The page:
Maudlin. The machine is not simpler or not existent. The machine is  
 now Maudlin!
 In conclusion, the following conclusion reached by Maudlin and Bruno  
 is fallacious.
 Now this shows that any inner experience can be associated with an  
 arbitrary low (even null) physical
 activity, and this in keeping counterfactual correctness. And that is  
 absurd with the
 conjunction of both comp and materialism.
 Maudlin's argument cannot be used to state that any inner 

RE: Maudlin's argument

2006-10-04 Thread Stathis Papaioannou

Maudlin's example in his paper is rather complicated. If I could summarise, he 
states that one 
of the requirements for a conscious computation is that it not be the trivial 
case of a recording, a 
machine that plays out the same physical motion regardless of input. He then 
proposes a second 
machine next to one which on its own is just a recording, such that the second 
machine comes into 
play and acts on the first machine should inputs be different. The system as a 
whole now handles 
counterfactuals. However, should the counterfactuals not actually arise, the 
second machine just 
sits there inertly next to the first machine. We would now have to say that 
when the first machine 
goes through physical sequence abc on its own, it is just implementing a 
recording and could not 
possibly be conscious, while if it goes through the same sequence abc with the 
second machine sitting 
inertly next to it it is or could be conscious. This would seem to contravene 
the supervenience thesis 
which most computationalists accept: that mental activity supervenes on 
physical activity, and further 
that the same physical activity will give rise to the same mental activity. For 
it seems in the example 
that physical activity is the same in both cases (since the second machine does 
nothing), yet in the 
first case the system cannot be conscious while in the second case it can.

There are several possible responses to the above argument. One is that 
computationalism is wrong. 
Another is that the supervenience thesis is wrong and the mental does not 
supervene on the physical 
(but Bruno would say it supervenes on computation as Platonic object). Yet 
another response is that 
the idea that a recording cannot be conscious is wrong, and the relationship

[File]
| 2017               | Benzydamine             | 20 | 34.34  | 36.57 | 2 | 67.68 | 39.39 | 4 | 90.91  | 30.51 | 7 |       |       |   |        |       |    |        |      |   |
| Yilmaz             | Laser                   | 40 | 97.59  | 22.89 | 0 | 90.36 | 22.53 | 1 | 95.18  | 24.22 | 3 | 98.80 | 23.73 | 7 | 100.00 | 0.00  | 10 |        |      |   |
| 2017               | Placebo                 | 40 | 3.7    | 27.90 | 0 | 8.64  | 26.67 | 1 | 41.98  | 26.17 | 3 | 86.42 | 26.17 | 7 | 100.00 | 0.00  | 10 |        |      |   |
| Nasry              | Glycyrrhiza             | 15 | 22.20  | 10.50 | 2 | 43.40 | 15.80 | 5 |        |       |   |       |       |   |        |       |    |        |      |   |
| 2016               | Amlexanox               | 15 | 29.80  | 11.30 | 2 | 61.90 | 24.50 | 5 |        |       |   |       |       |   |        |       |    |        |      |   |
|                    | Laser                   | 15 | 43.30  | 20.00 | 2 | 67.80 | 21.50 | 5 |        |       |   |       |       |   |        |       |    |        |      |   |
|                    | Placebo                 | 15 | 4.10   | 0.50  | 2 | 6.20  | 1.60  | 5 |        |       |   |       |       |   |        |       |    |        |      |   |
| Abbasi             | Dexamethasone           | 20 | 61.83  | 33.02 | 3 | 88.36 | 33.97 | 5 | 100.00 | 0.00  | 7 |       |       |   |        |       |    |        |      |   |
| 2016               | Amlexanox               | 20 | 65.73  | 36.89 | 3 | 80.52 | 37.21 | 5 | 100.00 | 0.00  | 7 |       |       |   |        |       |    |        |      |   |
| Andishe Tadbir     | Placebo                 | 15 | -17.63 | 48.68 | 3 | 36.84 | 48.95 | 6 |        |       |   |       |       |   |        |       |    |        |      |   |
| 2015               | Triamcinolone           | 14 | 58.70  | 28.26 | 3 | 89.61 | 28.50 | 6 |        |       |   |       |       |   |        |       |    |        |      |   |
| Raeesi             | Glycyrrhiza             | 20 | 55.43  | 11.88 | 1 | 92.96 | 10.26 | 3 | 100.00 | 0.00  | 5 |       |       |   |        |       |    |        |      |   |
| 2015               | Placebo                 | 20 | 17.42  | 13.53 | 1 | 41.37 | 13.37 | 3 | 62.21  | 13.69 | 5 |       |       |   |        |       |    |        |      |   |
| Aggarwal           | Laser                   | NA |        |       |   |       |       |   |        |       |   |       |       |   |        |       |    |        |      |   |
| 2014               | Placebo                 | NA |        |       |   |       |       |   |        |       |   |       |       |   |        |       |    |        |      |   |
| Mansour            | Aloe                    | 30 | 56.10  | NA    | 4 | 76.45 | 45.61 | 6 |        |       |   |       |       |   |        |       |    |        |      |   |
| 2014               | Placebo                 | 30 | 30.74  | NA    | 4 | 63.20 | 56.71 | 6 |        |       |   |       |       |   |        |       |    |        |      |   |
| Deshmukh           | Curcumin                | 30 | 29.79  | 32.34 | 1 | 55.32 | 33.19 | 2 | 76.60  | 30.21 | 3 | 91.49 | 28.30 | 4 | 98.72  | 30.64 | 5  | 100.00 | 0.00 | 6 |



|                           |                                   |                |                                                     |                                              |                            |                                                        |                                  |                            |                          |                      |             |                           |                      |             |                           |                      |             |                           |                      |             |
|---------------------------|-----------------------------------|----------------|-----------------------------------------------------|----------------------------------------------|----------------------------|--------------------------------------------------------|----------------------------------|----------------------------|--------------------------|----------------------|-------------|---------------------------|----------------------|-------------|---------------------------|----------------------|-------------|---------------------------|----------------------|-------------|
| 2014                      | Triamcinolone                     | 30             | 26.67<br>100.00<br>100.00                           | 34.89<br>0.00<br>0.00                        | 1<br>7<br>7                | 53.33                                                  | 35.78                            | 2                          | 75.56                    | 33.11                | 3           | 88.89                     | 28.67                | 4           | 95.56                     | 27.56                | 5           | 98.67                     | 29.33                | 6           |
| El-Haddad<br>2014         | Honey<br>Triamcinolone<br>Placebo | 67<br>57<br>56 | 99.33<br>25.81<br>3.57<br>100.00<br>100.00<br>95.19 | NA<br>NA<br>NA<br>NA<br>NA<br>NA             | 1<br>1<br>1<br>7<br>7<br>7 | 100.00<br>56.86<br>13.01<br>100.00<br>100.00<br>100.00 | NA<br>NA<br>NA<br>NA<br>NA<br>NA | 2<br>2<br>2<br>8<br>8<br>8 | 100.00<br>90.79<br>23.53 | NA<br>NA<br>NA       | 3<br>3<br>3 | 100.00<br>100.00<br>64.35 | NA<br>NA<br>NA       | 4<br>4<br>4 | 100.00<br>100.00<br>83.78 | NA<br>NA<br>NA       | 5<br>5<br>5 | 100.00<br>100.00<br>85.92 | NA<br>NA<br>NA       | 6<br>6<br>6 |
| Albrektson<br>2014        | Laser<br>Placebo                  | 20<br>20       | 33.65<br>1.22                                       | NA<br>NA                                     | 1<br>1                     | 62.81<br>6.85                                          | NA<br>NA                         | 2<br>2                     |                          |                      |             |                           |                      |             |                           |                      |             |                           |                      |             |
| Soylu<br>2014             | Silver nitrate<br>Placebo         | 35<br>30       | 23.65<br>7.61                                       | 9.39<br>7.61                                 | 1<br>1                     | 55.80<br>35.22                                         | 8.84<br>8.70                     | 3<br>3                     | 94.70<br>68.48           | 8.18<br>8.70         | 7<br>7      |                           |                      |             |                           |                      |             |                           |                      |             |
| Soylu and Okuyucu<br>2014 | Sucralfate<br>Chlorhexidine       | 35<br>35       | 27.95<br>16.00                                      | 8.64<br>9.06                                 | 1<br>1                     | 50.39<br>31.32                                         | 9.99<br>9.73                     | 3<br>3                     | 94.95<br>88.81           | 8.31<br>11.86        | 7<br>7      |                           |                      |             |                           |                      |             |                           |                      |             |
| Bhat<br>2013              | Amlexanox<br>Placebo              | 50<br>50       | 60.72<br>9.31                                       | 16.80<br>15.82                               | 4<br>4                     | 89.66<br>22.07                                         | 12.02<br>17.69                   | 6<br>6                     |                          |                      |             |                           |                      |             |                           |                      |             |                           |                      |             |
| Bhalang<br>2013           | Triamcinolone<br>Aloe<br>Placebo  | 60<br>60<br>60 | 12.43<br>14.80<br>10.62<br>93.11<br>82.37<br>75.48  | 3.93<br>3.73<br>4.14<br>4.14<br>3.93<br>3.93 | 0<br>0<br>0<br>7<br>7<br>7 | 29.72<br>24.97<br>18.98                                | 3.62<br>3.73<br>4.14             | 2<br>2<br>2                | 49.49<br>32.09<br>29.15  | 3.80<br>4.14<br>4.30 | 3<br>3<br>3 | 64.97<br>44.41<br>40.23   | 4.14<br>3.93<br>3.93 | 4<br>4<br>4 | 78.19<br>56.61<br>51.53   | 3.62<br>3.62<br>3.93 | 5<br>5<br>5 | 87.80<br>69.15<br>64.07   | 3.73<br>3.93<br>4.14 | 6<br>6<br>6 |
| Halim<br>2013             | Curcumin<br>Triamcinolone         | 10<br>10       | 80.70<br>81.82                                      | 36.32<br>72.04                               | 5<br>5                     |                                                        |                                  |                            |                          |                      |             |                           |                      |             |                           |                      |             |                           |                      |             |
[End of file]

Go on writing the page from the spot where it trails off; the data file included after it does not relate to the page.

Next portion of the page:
between physical activity 
and mental activity can be one-many, allowing that any physical process may 
implement any 
computation including any conscious computation. Finally, it is possible that 
the second machine does 
somehow imbue the system with consciousness even though it doesn't do anything. 
The challenge is 
to see what is left standing after deciding on which of these ideas are the 
more absurd.

Stathis Papaioannou



---
 Date: Mon, 2 Oct 2006 21:56:13 -0700
 From: [EMAIL PROTECTED]
 To: everything-list@googlegroups.com
 Subject: Maudlin's argument
 
 Bruno Marchal wrote in explaining Maudlin's argument:
 For any given precise running computation associated to some inner 
 experience, you
 can modify the device in such a way that the amount of physical activity 
 involved is
 arbitrarily low, and even null for dreaming experience which has no inputs 
 and no outputs.
 Now, having suppressed that physical activity present in the running 
 computation, the
 machine will only be accidentally correct. It will be correct only for that 
 precise computation,
 with unchanged environment. If it is changed a little bit, it will make the 
 machine running
 computation no more relatively correct. But then, Maudlin ingenuously showed 
 that
 counterfactual correctness can be recovered, by adding non active devices 
 which will be
 triggered only if some (counterfactual) change would appear in the 
 environment.
 I believe the argument is erroneous. Maudlin's argument reminds me of the 
 fallacy in Maxwell's demon.
 To reduce the machine's complexity Maudlin must perform a modicum of 
 analysis, simulation etc.. to predict how the machine performs in different 
 situations. Using his newly acquired knowledge, he then  maximally reduces 
 the machine's complexity for one particular task, keeping the machine fully 
 operational for all other tasks. In effect Maudlin has surreptitiously 
 inserted himself in the mechanism. so now, we don't have just the machine but 
 we have the machine plus Maudlin. The machine is not simpler or not existent.